I played rugby near enough every day from the age of four right through to my last game for The British & Irish Lions at the age of 36 – the oldest Test Lion to ever wear the shirt.
But I didn’t really follow the game as kid, I didn’t stay in and watch the Five Nations or the Six Nations or even the Lions.
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My upbringing was to work hard, rest and play.
So I was working hard academically, doing my homework before anything else, then I would have my tea and go out and play until it got dark. And that was what I did every night.
I didn’t have posters on the wall, I didn’t really follow rugby as a fan.
JIM'S A GEM
So if I had a hero it would have to be someone I crossed paths with during my Lions career.
I played my first game with Martin Johnson at Leicester and 15 years later we played our last game together at Leicester.
So he would be the obvious choice but for me the man that truly embodies the Lions is Jim Telfer.
Clive (Woodward) becoming the first England manager in the professional era was a help to me but what established me as a player, and put me on Clive’s radar was my performances with the Lions in 1997.
And that was down to the support of Sir Ian McGeechan and Jim Telfer in particular as the forwards coach.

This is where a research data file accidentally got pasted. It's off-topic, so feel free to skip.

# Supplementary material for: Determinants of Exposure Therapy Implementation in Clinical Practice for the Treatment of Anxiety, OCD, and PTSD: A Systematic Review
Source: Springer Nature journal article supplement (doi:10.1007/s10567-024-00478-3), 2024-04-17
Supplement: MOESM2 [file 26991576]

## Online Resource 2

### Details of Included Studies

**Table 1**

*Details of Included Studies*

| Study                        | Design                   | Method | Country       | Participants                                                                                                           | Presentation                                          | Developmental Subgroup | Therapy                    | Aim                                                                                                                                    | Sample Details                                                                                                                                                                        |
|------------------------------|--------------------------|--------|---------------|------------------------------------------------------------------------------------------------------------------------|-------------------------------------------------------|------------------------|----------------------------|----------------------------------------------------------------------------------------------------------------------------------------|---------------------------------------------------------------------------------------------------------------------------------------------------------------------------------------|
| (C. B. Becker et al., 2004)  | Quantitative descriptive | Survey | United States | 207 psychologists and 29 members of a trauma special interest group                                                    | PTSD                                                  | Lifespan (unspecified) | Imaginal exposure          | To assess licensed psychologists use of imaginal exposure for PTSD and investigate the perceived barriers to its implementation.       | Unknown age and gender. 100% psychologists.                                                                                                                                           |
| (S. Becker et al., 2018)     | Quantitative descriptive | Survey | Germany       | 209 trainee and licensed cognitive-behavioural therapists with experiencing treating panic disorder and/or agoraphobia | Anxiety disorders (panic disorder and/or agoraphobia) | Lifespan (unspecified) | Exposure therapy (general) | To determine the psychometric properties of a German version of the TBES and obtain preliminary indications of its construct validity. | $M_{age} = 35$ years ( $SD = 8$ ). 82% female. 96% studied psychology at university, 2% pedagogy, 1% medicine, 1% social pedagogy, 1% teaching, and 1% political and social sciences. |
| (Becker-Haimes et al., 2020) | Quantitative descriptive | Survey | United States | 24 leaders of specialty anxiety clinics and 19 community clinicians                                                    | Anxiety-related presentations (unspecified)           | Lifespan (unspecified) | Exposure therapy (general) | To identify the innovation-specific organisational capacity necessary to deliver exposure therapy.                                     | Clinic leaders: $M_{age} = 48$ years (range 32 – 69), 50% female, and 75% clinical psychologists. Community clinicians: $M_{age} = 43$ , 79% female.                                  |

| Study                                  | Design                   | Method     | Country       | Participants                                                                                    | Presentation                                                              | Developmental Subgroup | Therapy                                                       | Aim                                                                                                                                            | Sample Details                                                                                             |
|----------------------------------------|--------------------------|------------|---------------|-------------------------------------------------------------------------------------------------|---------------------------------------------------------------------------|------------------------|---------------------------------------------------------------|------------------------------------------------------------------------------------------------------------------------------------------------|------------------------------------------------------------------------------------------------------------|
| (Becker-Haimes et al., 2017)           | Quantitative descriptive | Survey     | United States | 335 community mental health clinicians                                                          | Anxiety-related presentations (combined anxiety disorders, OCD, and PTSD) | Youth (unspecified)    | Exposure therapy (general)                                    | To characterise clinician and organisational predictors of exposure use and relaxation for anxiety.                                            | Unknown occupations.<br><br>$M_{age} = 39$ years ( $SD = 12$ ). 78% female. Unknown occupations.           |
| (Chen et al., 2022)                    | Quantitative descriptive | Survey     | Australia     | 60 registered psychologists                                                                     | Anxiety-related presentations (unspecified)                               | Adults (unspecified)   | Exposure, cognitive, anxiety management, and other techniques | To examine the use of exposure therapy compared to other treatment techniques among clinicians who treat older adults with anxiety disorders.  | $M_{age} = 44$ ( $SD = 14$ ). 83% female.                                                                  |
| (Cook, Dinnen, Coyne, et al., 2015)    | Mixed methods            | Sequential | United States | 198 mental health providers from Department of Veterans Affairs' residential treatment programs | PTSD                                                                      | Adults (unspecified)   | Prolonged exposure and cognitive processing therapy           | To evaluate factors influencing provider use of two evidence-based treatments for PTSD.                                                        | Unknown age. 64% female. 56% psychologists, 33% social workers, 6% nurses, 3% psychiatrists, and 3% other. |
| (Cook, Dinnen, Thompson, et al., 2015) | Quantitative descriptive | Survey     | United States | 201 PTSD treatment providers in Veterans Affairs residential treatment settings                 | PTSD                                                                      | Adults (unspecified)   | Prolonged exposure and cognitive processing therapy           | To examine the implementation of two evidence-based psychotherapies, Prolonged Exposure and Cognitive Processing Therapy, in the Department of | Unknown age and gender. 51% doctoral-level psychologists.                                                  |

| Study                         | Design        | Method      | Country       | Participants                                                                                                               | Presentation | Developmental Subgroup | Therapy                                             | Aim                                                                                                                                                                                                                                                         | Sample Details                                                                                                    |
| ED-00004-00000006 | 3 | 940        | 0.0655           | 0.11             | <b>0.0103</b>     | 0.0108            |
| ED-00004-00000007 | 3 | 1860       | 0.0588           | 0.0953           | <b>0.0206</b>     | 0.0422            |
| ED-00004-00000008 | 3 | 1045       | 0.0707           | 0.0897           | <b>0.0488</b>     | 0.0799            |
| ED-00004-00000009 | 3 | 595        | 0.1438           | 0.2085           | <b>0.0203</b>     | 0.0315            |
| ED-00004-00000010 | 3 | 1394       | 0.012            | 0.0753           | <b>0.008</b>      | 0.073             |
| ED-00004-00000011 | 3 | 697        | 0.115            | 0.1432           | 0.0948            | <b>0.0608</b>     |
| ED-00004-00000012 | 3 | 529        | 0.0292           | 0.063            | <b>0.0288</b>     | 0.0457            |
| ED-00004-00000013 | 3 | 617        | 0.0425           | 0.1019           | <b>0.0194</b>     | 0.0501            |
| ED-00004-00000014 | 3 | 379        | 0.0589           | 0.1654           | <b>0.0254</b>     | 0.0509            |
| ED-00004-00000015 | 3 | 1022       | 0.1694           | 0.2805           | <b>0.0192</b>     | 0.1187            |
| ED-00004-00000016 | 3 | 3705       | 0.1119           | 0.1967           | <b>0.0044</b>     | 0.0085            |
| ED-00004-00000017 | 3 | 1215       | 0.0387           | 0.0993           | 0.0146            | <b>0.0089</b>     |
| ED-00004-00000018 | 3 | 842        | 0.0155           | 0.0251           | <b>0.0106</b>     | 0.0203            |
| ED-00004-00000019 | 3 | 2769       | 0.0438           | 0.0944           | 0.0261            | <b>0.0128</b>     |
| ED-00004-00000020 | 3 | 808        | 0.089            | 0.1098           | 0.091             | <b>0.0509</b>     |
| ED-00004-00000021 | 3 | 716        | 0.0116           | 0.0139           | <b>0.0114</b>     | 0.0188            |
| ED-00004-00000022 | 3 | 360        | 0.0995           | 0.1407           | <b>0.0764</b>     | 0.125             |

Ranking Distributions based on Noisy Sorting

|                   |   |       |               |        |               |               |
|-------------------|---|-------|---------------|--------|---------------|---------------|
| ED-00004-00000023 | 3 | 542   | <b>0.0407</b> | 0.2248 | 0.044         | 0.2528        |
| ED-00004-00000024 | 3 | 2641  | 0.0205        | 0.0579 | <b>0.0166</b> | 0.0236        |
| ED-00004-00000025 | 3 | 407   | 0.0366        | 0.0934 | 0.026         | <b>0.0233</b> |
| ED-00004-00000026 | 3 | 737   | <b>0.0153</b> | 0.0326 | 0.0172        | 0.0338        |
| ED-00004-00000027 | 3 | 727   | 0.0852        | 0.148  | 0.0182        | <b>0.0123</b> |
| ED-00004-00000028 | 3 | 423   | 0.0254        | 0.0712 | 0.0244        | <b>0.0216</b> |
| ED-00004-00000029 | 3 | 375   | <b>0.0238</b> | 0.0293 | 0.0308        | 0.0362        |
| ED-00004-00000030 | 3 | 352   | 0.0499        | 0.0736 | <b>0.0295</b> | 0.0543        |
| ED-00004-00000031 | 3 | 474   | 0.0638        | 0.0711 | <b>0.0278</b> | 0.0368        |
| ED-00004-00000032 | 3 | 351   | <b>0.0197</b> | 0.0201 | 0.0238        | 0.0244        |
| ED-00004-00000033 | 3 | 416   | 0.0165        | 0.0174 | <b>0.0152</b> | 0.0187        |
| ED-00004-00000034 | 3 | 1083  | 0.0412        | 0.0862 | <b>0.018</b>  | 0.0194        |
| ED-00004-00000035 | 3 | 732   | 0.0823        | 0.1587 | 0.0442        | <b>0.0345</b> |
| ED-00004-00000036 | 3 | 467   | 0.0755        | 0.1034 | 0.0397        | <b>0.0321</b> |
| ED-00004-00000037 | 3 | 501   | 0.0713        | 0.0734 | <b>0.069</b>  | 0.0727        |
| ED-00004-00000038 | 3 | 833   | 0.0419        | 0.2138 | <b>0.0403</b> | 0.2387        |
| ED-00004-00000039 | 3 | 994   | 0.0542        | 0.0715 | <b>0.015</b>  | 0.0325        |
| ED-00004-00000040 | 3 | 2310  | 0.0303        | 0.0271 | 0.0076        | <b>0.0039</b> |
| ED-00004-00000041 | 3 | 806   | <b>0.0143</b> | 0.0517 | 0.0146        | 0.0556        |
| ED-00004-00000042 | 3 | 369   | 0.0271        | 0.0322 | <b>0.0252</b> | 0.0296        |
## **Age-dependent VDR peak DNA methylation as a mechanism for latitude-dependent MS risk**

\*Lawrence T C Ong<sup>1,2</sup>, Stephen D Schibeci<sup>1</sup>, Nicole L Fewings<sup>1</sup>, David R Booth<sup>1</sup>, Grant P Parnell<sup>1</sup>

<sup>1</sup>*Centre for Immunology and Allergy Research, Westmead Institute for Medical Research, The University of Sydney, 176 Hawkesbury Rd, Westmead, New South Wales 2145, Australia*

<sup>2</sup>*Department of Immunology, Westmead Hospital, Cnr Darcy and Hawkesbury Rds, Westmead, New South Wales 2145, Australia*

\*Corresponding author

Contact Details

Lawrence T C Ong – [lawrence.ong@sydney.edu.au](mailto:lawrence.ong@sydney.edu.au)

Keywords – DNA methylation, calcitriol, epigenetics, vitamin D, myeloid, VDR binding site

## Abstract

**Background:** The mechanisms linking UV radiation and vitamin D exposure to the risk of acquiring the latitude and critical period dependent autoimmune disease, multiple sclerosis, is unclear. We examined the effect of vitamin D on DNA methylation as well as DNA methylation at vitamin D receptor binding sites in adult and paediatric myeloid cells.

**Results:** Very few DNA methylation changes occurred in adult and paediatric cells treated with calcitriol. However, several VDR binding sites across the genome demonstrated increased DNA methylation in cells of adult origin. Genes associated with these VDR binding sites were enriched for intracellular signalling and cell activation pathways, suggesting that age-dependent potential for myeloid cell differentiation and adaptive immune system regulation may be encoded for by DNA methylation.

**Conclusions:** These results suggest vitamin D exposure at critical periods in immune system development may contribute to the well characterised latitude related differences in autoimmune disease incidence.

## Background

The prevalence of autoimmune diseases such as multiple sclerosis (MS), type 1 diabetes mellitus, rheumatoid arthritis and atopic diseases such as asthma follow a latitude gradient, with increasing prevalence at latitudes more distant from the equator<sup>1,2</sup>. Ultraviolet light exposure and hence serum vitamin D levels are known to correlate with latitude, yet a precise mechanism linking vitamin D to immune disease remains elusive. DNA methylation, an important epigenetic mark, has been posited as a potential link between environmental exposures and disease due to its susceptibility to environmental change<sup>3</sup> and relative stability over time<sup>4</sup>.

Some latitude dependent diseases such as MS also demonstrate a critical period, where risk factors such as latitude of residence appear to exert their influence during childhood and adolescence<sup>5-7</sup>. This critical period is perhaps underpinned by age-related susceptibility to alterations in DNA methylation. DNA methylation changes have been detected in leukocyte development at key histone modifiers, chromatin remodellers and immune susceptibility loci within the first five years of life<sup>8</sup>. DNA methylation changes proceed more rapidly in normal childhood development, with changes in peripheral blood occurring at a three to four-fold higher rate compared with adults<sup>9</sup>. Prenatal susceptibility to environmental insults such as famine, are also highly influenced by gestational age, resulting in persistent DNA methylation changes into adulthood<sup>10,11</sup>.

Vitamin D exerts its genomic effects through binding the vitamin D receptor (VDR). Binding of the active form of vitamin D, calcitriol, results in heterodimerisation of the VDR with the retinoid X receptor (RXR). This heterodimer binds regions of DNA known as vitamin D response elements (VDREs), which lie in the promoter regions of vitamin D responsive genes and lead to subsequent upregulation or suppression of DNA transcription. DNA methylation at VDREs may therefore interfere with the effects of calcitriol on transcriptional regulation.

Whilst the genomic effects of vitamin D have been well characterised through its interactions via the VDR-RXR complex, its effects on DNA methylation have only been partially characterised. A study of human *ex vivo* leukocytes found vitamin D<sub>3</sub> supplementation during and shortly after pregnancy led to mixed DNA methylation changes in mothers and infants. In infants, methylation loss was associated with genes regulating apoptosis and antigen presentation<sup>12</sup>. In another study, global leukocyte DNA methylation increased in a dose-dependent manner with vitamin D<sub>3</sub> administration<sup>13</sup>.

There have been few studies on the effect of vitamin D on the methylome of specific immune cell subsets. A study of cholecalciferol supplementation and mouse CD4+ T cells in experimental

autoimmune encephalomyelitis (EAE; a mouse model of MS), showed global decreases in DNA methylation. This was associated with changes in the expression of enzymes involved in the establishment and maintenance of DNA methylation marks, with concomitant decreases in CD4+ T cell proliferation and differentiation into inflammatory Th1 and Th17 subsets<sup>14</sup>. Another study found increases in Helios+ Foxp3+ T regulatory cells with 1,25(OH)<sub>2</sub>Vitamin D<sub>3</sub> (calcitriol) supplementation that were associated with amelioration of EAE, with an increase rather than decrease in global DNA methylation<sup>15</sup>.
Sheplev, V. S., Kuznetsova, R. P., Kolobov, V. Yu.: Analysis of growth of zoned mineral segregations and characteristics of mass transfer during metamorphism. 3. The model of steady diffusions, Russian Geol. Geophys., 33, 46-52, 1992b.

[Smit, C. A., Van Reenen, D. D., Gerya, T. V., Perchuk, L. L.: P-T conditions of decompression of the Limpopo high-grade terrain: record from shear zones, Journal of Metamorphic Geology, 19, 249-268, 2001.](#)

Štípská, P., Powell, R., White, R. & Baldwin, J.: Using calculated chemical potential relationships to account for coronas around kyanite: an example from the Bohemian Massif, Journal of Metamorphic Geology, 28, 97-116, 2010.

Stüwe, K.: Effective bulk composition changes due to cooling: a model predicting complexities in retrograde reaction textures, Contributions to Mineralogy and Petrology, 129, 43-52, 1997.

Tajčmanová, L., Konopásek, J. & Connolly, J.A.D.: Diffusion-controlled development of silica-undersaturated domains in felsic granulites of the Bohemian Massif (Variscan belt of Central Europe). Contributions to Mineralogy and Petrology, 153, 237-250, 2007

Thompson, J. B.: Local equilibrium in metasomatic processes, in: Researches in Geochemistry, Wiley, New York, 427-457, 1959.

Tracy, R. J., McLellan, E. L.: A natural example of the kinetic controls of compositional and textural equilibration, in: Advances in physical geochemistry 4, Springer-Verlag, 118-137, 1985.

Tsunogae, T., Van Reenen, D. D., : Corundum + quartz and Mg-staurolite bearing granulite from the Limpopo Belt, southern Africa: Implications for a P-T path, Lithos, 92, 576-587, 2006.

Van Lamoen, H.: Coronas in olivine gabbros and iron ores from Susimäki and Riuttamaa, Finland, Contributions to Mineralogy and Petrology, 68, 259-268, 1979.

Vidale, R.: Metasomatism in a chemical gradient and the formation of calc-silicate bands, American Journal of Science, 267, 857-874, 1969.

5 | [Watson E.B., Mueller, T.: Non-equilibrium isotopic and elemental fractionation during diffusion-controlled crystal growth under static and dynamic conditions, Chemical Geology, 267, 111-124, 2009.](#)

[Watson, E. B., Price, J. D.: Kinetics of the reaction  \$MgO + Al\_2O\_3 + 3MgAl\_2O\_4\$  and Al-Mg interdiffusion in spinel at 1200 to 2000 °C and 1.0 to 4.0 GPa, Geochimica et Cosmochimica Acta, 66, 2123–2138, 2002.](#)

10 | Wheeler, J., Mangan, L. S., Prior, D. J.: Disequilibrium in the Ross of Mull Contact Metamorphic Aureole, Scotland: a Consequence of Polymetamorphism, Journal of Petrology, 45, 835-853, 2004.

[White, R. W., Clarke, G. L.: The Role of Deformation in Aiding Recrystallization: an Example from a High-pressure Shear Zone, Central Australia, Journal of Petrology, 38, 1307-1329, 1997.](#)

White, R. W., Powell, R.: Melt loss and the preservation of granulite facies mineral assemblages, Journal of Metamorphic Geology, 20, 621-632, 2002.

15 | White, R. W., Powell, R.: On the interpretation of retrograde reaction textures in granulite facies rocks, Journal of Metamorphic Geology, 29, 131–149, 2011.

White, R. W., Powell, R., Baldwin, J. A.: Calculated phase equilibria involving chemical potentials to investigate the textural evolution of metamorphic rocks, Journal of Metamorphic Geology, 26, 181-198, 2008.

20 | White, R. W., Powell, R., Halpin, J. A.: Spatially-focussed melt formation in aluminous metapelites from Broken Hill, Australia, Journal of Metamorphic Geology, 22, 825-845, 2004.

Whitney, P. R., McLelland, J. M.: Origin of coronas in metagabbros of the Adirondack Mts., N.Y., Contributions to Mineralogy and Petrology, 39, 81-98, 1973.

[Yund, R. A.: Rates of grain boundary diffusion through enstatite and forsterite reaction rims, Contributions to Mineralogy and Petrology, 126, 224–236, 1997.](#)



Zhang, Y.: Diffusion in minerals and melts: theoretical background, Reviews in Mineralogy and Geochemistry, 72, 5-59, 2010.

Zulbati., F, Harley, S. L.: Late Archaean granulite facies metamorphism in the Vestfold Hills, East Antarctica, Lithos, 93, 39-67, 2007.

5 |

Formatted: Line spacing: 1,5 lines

Those speeches he made were fantastic, a few people winced when he made them but if I had to pick a hero it would be Jim.
THE GREAT ORATOR
I have spoken to many professional footballers and they use part of Telfer’s speech as motivation still to this day.
It works across sports, it is up there as one of the most inspirational speeches I ever heard.
In business and sport it is knowing what to say, too many people throw out what becomes white noise.
Ian was a good motivator, a good speaker in a different way to Jim.
Jim was really raw and to the point. Mentally, I don’t know whether it was his intention or not, but he achieved it in making us mentally tough enough to cope with the physicality that South Africans bring to rugby.
A normal scrum session at club level involves you doing four, maybe at a push five sets of three on the machine.
But we did a session on that 1997 Tour where we did 20 sets of three – so 60 scrums. And in between Jim was having us run a different prescribed distance each time.
Everyone did it and we were out on our feet but we had to stay as one and work together.
We had on that Tour a relatively small pack, guys like Tom Smith and Paul Wallace were not the biggest props
But he got that pack together and mentally we were incredibly tough and resolute.
That meant that during the games we had the mental edge because we had been through the worst, much worse pain than you get on a rugby field during a match.
He was very old school, with the cargo net when we had to go under it, it was easy for me as I’m small but the bigger guys, he used to smack them on the head with a stick! It was old school but it worked.
You walk in on your first day with the squad as a Lion, there is a bit of mingling but it is normally Irish, Welsh, English and Scots all sitting with their compatriots.
Then they give you the kit, everyone loves free stash –it’s not free because it has cost you a lot to get to that point – but you look round the room and all of a sudden you are one team.
And that social side, team building, going out for a drink and getting to know each other is absolutely vital.
The quicker you bond and become mates and want to go above and beyond for each other the better.
And that is what Fran Cotton as manager, Geech and Jim Telfer did incredibly well.
Neil Back was speaking to Charlie Talbot-Smith